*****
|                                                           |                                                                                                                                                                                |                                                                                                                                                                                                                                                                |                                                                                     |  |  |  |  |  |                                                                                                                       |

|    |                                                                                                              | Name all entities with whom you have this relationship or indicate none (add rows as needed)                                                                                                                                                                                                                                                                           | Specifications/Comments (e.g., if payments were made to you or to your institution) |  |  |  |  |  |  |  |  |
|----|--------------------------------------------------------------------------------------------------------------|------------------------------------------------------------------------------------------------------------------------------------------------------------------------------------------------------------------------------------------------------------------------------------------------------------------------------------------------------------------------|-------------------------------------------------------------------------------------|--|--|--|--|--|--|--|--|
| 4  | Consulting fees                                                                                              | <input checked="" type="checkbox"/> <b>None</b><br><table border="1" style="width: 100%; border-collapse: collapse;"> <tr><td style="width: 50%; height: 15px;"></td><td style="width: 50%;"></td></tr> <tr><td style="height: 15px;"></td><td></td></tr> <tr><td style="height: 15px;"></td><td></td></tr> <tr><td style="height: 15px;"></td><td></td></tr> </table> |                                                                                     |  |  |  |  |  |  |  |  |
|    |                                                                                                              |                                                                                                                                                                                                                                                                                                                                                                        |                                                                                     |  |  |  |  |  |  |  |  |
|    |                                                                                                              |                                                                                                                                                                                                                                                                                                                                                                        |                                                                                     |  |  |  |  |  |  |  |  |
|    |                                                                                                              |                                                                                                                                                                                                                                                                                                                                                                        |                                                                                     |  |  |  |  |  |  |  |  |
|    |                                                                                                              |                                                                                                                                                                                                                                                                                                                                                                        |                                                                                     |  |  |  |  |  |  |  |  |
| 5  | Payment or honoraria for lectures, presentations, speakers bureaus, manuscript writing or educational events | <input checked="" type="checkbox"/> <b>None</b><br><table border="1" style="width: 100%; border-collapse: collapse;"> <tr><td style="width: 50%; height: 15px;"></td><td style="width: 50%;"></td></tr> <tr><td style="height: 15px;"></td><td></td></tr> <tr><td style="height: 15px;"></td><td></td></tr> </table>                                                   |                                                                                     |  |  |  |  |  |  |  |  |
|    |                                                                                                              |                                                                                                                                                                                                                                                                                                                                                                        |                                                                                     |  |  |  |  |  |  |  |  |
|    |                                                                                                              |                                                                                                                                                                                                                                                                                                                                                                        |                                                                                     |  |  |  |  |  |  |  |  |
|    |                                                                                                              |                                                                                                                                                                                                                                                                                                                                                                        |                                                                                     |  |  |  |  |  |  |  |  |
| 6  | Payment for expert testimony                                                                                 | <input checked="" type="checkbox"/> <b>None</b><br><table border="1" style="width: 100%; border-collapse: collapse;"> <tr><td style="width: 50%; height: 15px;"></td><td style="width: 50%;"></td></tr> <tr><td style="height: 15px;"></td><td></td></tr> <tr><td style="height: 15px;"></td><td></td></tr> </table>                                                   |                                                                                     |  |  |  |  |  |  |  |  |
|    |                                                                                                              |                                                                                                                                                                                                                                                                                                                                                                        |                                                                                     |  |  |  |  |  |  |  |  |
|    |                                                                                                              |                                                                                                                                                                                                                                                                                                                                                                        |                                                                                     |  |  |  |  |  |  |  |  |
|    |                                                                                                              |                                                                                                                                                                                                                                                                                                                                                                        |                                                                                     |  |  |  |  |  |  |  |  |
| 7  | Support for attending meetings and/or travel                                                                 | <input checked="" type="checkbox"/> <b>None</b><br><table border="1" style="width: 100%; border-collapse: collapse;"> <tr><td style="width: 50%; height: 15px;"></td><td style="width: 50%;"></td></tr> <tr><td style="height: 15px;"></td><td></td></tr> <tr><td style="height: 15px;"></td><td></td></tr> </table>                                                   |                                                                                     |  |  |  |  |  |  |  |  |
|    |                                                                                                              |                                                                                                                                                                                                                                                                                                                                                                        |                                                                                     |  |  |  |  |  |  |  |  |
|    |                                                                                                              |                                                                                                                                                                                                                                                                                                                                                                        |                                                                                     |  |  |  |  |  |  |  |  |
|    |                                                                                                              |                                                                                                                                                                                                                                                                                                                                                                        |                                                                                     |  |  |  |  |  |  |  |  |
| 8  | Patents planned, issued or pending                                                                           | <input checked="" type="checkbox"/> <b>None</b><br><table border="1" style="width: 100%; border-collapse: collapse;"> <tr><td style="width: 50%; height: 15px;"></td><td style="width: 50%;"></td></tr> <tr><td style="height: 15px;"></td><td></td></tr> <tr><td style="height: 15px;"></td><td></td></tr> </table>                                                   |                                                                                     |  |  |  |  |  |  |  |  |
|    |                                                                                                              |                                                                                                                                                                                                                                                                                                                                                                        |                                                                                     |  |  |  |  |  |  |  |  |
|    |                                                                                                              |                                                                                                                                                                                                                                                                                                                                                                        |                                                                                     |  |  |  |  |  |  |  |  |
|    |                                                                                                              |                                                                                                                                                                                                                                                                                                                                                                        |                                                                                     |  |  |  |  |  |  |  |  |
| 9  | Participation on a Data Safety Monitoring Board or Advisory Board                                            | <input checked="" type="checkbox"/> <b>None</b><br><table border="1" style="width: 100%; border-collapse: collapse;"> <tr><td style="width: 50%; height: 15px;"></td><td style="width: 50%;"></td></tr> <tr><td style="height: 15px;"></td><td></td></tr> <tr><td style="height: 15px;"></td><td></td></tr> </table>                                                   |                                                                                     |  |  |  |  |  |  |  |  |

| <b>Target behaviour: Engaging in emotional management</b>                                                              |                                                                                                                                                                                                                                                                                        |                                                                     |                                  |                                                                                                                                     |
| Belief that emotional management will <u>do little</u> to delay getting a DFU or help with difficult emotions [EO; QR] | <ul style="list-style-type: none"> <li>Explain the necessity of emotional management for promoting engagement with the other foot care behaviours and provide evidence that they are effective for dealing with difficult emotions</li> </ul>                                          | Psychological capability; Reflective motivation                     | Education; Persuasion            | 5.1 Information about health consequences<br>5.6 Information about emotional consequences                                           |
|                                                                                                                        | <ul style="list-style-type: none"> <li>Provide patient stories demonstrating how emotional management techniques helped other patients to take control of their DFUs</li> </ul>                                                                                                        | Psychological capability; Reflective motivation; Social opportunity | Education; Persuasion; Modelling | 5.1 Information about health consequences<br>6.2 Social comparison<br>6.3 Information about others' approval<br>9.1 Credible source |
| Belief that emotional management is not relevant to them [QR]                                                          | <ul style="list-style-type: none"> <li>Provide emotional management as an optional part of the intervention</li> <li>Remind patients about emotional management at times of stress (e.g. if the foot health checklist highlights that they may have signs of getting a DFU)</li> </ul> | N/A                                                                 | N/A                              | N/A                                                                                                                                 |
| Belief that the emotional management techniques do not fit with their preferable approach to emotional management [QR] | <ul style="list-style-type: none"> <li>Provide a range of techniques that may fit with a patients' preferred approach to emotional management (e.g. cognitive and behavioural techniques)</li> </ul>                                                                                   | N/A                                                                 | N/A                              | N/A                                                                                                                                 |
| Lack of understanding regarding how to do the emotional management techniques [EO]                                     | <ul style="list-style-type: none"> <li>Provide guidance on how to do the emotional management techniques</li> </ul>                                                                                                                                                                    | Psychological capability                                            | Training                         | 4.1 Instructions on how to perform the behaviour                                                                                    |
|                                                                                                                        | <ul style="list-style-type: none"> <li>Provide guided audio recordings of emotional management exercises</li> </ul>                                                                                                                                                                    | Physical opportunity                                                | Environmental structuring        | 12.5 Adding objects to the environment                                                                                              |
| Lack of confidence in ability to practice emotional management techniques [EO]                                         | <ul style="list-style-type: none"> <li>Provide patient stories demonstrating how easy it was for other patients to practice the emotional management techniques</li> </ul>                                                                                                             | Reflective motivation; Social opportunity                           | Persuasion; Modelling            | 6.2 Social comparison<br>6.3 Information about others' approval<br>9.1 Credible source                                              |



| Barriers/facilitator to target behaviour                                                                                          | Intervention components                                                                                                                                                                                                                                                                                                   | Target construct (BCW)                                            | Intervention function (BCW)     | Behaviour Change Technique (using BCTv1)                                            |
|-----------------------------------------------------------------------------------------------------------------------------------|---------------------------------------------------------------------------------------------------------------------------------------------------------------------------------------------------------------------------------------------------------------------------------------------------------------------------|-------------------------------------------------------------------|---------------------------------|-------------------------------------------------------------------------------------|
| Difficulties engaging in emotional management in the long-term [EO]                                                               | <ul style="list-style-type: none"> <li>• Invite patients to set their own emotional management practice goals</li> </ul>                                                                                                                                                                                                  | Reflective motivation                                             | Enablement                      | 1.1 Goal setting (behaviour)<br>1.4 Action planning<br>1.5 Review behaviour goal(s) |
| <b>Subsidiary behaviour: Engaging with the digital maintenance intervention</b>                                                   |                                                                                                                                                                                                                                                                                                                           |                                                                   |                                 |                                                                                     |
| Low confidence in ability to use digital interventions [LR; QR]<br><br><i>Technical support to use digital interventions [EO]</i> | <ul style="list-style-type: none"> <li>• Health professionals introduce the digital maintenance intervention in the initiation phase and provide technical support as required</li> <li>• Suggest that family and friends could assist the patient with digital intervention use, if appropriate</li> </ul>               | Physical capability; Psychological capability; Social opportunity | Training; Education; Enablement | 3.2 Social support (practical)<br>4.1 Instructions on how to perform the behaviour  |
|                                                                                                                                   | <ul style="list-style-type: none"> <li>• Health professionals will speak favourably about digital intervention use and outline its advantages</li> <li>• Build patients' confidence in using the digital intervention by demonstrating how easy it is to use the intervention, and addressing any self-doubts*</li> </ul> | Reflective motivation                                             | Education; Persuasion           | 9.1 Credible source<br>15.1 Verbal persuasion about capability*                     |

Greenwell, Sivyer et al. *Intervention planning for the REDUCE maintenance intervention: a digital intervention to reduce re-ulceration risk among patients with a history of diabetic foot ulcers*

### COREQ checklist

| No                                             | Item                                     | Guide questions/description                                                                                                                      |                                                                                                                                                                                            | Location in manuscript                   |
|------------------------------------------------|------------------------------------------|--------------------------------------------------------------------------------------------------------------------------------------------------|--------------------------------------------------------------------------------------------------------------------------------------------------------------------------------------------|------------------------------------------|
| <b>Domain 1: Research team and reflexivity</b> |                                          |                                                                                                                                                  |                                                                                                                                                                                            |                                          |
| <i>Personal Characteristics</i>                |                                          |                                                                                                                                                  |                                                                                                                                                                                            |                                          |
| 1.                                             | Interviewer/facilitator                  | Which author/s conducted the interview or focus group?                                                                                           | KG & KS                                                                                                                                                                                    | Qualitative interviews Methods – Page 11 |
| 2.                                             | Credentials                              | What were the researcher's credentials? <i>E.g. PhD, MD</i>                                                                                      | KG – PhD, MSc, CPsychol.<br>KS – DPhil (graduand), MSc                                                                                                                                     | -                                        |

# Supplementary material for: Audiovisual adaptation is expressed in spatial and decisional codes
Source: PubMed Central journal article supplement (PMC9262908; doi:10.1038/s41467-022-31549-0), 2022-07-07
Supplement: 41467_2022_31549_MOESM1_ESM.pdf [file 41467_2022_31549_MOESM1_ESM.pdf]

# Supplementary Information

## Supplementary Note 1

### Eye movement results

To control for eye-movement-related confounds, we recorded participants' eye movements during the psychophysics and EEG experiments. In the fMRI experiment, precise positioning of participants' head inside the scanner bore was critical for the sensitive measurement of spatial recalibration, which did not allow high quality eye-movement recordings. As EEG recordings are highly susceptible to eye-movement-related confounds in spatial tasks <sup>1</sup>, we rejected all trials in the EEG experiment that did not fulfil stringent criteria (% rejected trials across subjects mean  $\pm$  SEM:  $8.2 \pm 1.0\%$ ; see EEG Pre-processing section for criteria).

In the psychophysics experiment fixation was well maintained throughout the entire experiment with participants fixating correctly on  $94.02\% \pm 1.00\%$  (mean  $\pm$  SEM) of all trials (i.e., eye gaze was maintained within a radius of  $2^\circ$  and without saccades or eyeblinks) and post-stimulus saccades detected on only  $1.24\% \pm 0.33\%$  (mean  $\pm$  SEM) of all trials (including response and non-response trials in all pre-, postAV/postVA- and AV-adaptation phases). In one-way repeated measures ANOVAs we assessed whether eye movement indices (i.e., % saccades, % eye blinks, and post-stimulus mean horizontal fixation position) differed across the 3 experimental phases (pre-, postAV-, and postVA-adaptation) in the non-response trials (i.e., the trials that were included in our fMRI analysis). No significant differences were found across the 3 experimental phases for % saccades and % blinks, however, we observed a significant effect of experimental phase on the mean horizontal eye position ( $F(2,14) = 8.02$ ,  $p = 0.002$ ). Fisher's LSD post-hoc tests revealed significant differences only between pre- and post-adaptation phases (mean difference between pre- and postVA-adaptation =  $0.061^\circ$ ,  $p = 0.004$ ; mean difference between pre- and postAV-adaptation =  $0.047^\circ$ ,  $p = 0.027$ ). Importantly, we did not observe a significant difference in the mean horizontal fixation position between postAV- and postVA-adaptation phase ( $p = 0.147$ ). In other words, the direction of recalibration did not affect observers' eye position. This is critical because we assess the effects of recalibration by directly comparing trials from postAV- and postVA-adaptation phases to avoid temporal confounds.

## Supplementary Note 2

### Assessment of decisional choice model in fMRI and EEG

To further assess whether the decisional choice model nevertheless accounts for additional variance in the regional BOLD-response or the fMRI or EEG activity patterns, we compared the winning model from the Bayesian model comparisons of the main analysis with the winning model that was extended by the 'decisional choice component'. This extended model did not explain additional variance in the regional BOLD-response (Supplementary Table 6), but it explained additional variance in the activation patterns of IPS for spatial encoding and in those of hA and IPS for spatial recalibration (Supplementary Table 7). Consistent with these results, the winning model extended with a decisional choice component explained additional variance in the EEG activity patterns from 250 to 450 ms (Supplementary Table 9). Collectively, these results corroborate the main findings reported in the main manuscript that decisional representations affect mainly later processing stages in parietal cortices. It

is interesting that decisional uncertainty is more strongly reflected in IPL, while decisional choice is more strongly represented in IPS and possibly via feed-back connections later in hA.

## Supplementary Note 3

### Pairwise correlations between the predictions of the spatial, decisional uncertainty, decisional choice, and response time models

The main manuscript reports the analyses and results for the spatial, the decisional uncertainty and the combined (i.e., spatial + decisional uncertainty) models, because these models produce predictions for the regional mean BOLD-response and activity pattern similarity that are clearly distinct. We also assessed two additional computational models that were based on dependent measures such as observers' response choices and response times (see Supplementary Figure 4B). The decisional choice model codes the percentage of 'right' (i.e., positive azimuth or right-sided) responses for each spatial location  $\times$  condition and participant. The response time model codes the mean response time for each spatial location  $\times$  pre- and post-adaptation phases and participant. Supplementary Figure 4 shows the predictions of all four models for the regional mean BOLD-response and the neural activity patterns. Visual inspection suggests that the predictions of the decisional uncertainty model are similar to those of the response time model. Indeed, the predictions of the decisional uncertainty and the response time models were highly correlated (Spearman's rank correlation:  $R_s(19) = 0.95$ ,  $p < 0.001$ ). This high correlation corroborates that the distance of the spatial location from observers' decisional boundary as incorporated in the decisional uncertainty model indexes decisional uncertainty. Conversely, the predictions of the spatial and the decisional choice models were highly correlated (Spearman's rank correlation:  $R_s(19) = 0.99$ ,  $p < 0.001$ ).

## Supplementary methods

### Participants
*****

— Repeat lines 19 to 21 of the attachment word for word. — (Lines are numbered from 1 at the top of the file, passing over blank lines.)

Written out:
|    |                                                                                                              |                                                                                                                                                                                                                                                                                                                                                                        |                                                                                     |  |  |  |  |  |  |  |  |
|    |                                                                                                              |                                                                                                                                                                                                                                                                                                                                                                        |                                                                                     |  |  |  |  |  |  |  |  |
| 8  | Patents planned, issued or pending                                                                           | <input checked="" type="checkbox"/> <b>None</b><br><table border="1" style="width: 100%; border-collapse: collapse;"> <tr><td style="width: 50%; height: 15px;"></td><td style="width: 50%;"></td></tr> <tr><td style="height: 15px;"></td><td></td></tr> <tr><td style="height: 15px;"></td><td></td></tr> </table>                                                   |                                                                                     |  |  |  |  |  |  |  |  |